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Our new doc ‘Superpower For Hire’ explores the influence of private military contractor on the future of warfare.

motherboardtv:

Our new doc ‘Superpower For Hire’ explores the influence of private military contractor on the future of warfare.

America’s Veteran Crisis

As politicians in Washington wring their hands over the Veterans Affairs scandal, VICE News travels to Portland, Oregon, to see what it’s all really about. We meet Curtis Shanley, a former Marine Corps machine-gunner, who has spent the past five years wading through red tape to get medical attention for a crippling injury he suffered while serving his country in Iraq.

Why Won’t the US Government Let Veterans Smoke Medical Marijuana?
We Americans love to send our armed forces, often recruited from black and Hispanic neighborhoods devoid of real economic opportunity, to fight in exotic foreign conflicts while we relax at home and consume things, unconcerned about the impact all that combat has on those citizens’ lives. So it should come as little surprise that the House of Representatives last Wednesday rejected an amendment to the annual bill funding veterans’ health care that would have permitted military doctors in states with medical marijuana already on the books to discuss pot treatment options with their patients.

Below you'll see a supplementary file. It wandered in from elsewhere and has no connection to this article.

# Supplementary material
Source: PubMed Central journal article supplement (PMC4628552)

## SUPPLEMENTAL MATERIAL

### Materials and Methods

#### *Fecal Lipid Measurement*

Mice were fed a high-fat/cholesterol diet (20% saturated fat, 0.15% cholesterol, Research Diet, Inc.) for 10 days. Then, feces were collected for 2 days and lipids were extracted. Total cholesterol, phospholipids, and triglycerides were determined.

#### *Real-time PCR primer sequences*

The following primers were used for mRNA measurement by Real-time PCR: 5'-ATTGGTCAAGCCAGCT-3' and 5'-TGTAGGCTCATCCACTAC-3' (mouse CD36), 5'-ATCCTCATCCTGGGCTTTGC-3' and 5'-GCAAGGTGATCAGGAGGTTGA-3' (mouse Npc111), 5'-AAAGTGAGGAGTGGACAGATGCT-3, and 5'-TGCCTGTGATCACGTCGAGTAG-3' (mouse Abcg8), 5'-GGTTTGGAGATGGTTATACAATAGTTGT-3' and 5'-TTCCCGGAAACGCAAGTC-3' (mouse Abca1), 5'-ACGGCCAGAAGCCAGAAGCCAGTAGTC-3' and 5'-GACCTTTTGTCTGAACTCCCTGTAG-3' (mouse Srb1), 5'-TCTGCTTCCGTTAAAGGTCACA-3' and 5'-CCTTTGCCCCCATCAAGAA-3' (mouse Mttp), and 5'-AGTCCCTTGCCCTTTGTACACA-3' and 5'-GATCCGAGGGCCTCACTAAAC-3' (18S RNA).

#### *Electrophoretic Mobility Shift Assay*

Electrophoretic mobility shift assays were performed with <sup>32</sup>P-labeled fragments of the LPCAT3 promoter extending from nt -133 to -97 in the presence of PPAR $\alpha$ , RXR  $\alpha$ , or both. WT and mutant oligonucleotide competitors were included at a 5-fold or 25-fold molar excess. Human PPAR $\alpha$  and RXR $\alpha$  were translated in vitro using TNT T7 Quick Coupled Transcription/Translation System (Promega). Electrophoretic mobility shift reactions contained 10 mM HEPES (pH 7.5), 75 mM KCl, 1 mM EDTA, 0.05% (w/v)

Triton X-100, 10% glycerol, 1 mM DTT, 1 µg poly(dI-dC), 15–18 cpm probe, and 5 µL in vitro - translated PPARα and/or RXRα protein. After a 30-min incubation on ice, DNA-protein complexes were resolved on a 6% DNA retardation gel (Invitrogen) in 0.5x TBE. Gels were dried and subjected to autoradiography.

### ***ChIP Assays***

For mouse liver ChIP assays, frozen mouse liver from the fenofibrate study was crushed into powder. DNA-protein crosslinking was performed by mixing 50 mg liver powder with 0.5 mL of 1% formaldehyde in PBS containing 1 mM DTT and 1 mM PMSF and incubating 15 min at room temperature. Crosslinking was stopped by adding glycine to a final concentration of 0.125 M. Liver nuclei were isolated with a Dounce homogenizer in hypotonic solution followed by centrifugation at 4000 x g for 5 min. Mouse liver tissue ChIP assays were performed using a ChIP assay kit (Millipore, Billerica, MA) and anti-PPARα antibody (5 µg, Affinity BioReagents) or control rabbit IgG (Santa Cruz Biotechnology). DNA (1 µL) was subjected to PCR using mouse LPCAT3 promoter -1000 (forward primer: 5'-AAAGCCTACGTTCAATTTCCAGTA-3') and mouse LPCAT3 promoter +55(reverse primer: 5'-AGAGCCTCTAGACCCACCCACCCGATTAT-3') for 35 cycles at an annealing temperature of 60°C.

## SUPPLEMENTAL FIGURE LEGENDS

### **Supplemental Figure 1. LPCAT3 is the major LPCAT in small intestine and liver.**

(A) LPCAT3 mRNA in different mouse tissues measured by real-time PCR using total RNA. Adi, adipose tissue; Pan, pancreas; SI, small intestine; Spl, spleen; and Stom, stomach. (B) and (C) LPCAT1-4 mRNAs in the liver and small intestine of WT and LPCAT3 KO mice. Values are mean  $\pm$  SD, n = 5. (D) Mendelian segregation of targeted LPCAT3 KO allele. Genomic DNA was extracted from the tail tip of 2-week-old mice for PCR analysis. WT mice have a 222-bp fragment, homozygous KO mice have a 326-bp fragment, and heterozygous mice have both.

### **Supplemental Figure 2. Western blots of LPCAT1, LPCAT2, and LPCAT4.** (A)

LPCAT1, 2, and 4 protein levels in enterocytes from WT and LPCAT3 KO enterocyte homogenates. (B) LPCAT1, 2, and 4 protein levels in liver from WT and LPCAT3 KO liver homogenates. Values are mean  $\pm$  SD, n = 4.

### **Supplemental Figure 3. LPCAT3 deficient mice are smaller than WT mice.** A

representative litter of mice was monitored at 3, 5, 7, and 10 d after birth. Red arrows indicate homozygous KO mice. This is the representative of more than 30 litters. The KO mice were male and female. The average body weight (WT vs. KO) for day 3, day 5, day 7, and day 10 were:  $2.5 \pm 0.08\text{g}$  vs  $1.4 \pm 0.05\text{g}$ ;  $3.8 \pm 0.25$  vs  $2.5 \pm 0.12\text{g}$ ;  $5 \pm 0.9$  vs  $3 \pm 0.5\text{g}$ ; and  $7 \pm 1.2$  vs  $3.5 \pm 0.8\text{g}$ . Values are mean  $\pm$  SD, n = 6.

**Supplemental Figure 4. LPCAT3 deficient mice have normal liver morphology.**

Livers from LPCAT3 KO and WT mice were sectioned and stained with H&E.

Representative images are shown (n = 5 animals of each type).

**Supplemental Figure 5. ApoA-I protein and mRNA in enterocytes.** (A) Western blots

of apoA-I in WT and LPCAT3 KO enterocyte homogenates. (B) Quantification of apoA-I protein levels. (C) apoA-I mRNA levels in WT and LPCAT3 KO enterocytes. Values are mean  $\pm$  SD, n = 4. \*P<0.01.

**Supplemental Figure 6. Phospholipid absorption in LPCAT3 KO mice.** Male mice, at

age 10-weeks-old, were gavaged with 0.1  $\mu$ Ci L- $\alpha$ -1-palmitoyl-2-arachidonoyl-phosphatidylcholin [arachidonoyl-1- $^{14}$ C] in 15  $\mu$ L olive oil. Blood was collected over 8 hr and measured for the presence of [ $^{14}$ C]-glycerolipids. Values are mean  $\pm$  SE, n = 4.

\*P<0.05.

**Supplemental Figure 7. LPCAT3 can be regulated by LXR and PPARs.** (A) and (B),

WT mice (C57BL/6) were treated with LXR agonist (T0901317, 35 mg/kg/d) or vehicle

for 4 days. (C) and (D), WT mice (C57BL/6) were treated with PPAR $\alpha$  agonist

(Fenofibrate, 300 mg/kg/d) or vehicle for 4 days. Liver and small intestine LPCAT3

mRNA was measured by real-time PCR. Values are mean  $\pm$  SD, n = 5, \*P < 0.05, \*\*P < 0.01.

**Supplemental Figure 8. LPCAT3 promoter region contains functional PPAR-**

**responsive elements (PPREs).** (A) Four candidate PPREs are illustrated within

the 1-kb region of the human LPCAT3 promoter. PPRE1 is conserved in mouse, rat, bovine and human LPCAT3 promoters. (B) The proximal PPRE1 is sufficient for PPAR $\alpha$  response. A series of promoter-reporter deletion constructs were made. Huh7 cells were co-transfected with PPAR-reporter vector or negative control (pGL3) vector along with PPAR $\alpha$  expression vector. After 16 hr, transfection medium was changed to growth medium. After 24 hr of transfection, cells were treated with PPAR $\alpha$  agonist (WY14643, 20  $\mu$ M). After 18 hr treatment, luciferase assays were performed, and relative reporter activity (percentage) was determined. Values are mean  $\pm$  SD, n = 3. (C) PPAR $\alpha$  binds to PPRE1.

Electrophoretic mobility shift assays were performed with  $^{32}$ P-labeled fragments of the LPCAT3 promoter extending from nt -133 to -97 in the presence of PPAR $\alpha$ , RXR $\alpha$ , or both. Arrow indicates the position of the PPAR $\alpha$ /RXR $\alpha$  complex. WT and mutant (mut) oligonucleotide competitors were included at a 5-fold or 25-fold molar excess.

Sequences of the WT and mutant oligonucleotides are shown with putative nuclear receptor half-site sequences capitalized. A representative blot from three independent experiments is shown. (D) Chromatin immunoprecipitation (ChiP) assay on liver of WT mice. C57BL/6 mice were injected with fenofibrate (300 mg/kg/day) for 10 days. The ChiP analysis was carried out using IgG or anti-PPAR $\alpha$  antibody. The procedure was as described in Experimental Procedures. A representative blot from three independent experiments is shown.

The vote was tantalizingly close, however, with the amendment failing 222–195. In fact, 22 Republicans crossed over to join the majority of Democrats in favor of the proposal, which, according to medical studies, could help some of the millions of vets suffering from post-traumatic stress disorder (PTSD) in the aftermath of the protracted wars in Iraq and Afghanistan. The bipartisan tide of momentum for drug legalization, it seems, is reaching the highest levels of the federal government—and even threatening to rope in our sacred troops, whom we are apparently fine with risking life and limb in the desert so long as they never, ever get high.
Continue

Why Won’t the US Government Let Veterans Smoke Medical Marijuana?

We Americans love to send our armed forces, often recruited from black and Hispanic neighborhoods devoid of real economic opportunity, to fight in exotic foreign conflicts while we relax at home and consume things, unconcerned about the impact all that combat has on those citizens’ lives. So it should come as little surprise that the House of Representatives last Wednesday rejected an amendment to the annual bill funding veterans’ health care that would have permitted military doctors in states with medical marijuana already on the books to discuss pot treatment options with their patients.

The vote was tantalizingly close, however, with the amendment failing 222–195. In fact, 22 Republicans crossed over to join the majority of Democrats in favor of the proposal, which, according to medical studies, could help some of the millions of vets suffering from post-traumatic stress disorder (PTSD) in the aftermath of the protracted wars in Iraq and Afghanistan. The bipartisan tide of momentum for drug legalization, it seems, is reaching the highest levels of the federal government—and even threatening to rope in our sacred troops, whom we are apparently fine with risking life and limb in the desert so long as they never, ever get high.